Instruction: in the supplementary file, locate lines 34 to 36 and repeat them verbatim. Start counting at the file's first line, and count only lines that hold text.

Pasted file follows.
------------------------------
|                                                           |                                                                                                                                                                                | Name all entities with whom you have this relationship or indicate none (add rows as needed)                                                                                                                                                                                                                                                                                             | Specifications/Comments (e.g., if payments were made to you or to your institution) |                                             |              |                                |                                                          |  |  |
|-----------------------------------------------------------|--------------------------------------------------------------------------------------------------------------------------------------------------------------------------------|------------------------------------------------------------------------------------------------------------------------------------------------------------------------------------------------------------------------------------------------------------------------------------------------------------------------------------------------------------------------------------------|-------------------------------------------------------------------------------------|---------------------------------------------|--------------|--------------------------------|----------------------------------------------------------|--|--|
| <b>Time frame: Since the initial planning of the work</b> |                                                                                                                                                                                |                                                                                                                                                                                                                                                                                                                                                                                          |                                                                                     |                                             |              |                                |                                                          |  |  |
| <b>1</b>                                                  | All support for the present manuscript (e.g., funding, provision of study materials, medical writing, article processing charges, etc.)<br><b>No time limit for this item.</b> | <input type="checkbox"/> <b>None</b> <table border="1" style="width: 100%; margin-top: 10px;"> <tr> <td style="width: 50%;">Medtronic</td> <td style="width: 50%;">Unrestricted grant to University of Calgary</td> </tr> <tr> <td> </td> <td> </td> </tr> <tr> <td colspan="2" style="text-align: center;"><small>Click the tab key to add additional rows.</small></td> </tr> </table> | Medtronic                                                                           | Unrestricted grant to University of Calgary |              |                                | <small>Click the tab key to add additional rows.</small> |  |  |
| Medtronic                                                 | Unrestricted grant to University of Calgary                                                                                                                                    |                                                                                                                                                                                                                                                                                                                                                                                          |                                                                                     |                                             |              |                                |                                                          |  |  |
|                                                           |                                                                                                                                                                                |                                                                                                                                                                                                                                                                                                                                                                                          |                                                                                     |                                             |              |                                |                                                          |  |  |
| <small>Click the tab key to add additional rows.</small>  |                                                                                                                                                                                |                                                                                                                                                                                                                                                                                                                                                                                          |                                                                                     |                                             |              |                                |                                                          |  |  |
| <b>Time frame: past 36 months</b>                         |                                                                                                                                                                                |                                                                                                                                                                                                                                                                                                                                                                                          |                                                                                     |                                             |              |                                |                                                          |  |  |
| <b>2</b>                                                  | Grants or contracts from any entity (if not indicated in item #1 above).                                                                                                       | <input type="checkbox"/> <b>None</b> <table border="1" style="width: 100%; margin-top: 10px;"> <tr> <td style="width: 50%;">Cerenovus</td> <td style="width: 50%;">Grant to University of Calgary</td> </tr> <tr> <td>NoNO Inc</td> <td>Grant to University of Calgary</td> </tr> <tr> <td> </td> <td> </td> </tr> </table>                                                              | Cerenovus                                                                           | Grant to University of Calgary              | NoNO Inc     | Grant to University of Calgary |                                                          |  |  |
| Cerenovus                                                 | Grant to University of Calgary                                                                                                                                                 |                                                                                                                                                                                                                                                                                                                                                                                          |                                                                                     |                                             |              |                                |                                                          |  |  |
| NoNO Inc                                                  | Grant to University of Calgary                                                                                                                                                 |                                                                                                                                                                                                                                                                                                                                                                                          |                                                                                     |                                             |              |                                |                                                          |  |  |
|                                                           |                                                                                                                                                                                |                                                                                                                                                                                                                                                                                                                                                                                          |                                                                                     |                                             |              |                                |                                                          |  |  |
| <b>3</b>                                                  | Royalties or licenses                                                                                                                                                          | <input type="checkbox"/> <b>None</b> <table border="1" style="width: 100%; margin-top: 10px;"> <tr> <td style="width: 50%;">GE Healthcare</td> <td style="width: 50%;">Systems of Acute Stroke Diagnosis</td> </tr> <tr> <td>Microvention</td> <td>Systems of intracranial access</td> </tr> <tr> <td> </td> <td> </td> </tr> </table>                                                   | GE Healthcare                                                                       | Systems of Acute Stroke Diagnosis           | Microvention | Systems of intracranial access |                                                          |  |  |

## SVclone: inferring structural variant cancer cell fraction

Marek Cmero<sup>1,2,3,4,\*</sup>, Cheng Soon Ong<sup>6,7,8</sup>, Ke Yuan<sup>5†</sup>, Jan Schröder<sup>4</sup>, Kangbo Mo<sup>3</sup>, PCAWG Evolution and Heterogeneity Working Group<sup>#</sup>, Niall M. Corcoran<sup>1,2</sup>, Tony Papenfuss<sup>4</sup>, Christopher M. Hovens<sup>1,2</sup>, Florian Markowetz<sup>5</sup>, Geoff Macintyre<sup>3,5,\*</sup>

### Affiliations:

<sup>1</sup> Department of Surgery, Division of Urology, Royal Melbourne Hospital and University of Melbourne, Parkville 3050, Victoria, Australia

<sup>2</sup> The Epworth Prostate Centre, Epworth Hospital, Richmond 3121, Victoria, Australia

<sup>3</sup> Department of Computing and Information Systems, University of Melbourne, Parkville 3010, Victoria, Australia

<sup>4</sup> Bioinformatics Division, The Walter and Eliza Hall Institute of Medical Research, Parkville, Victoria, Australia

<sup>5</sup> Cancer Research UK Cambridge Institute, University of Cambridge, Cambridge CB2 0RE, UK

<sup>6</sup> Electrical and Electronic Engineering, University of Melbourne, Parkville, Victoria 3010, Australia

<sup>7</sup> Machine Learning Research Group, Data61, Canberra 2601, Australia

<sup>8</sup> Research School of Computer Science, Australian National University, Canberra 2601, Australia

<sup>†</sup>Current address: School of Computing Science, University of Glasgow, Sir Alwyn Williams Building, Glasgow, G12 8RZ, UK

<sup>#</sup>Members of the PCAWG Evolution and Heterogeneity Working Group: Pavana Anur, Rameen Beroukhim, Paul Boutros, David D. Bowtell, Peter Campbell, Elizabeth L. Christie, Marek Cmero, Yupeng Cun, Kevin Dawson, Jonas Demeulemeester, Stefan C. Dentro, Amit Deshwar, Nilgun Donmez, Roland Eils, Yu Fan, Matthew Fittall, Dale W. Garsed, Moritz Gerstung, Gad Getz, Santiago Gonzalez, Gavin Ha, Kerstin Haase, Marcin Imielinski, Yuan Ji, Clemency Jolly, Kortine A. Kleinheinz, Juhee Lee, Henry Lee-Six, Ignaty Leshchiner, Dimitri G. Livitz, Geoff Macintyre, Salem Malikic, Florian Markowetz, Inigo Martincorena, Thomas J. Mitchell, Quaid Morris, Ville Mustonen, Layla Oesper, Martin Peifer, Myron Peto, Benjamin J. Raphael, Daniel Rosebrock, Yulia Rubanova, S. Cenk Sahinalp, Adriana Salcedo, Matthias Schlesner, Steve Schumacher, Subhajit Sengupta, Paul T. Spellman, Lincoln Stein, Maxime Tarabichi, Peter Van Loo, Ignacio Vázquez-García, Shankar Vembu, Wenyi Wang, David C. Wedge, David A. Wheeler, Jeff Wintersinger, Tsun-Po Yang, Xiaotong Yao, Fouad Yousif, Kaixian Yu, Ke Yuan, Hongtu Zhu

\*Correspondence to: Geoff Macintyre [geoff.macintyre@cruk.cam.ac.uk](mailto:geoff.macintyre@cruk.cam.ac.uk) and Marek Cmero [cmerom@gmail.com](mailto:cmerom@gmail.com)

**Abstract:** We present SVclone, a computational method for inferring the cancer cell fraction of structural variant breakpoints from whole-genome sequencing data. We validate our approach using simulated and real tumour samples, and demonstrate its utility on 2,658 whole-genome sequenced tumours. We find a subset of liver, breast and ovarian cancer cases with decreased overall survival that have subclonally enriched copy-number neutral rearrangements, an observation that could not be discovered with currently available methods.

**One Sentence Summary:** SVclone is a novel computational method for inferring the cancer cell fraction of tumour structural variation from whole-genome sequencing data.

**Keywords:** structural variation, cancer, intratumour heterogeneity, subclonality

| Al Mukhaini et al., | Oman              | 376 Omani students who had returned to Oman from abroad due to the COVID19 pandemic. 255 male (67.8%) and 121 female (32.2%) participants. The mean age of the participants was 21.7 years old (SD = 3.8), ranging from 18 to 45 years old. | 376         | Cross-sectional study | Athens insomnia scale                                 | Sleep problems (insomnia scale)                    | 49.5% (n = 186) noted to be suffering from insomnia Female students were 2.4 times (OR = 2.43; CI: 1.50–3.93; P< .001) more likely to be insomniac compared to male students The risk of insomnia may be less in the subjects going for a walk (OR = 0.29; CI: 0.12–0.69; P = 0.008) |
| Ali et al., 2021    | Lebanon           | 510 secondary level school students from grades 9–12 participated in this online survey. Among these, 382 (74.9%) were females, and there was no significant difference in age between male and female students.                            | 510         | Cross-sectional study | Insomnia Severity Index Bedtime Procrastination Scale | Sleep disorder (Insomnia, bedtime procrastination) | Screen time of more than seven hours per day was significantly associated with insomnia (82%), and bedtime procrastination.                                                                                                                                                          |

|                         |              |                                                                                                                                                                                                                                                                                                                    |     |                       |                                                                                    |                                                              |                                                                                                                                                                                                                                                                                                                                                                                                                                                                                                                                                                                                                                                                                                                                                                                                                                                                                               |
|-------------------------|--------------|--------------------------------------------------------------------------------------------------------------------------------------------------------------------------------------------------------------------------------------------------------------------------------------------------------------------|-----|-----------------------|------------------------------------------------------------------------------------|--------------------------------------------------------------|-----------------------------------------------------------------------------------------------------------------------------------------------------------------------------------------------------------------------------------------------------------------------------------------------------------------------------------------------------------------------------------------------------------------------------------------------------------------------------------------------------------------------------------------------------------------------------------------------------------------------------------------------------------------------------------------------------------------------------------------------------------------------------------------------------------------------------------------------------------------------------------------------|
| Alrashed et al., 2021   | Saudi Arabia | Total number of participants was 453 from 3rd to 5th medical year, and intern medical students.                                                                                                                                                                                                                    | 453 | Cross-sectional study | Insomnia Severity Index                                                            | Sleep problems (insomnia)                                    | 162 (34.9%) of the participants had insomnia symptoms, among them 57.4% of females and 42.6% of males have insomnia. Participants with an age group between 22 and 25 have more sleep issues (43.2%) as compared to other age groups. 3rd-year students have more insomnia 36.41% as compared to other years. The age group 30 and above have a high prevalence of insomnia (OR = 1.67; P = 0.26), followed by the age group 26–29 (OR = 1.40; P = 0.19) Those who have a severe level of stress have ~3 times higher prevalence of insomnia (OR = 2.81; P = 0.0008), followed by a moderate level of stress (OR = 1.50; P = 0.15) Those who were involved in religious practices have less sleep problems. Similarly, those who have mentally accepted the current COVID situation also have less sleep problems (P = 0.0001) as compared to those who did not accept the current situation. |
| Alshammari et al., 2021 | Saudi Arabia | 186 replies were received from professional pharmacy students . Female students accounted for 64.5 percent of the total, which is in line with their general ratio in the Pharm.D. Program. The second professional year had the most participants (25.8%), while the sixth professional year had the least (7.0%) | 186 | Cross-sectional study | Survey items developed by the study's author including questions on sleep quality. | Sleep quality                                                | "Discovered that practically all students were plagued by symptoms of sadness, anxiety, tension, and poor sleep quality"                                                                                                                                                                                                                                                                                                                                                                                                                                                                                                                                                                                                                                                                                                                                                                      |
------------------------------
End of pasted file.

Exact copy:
|-------------------------|--------------|--------------------------------------------------------------------------------------------------------------------------------------------------------------------------------------------------------------------------------------------------------------------------------------------------------------------|-----|-----------------------|------------------------------------------------------------------------------------|--------------------------------------------------------------|-----------------------------------------------------------------------------------------------------------------------------------------------------------------------------------------------------------------------------------------------------------------------------------------------------------------------------------------------------------------------------------------------------------------------------------------------------------------------------------------------------------------------------------------------------------------------------------------------------------------------------------------------------------------------------------------------------------------------------------------------------------------------------------------------------------------------------------------------------------------------------------------------|
| Alrashed et al., 2021   | Saudi Arabia | Total number of participants was 453 from 3rd to 5th medical year, and intern medical students.                                                                                                                                                                                                                    | 453 | Cross-sectional study | Insomnia Severity Index                                                            | Sleep problems (insomnia)                                    | 162 (34.9%) of the participants had insomnia symptoms, among them 57.4% of females and 42.6% of males have insomnia. Participants with an age group between 22 and 25 have more sleep issues (43.2%) as compared to other age groups. 3rd-year students have more insomnia 36.41% as compared to other years. The age group 30 and above have a high prevalence of insomnia (OR = 1.67; P = 0.26), followed by the age group 26–29 (OR = 1.40; P = 0.19) Those who have a severe level of stress have ~3 times higher prevalence of insomnia (OR = 2.81; P = 0.0008), followed by a moderate level of stress (OR = 1.50; P = 0.15) Those who were involved in religious practices have less sleep problems. Similarly, those who have mentally accepted the current COVID situation also have less sleep problems (P = 0.0001) as compared to those who did not accept the current situation. |
| Alshammari et al., 2021 | Saudi Arabia | 186 replies were received from professional pharmacy students . Female students accounted for 64.5 percent of the total, which is in line with their general ratio in the Pharm.D. Program. The second professional year had the most participants (25.8%), while the sixth professional year had the least (7.0%) | 186 | Cross-sectional study | Survey items developed by the study's author including questions on sleep quality. | Sleep quality                                                | "Discovered that practically all students were plagued by symptoms of sadness, anxiety, tension, and poor sleep quality"                                                                                                                                                                                                                                                                                                                                                                                                                                                                                                                                                                                                                                                                                                                                                                      |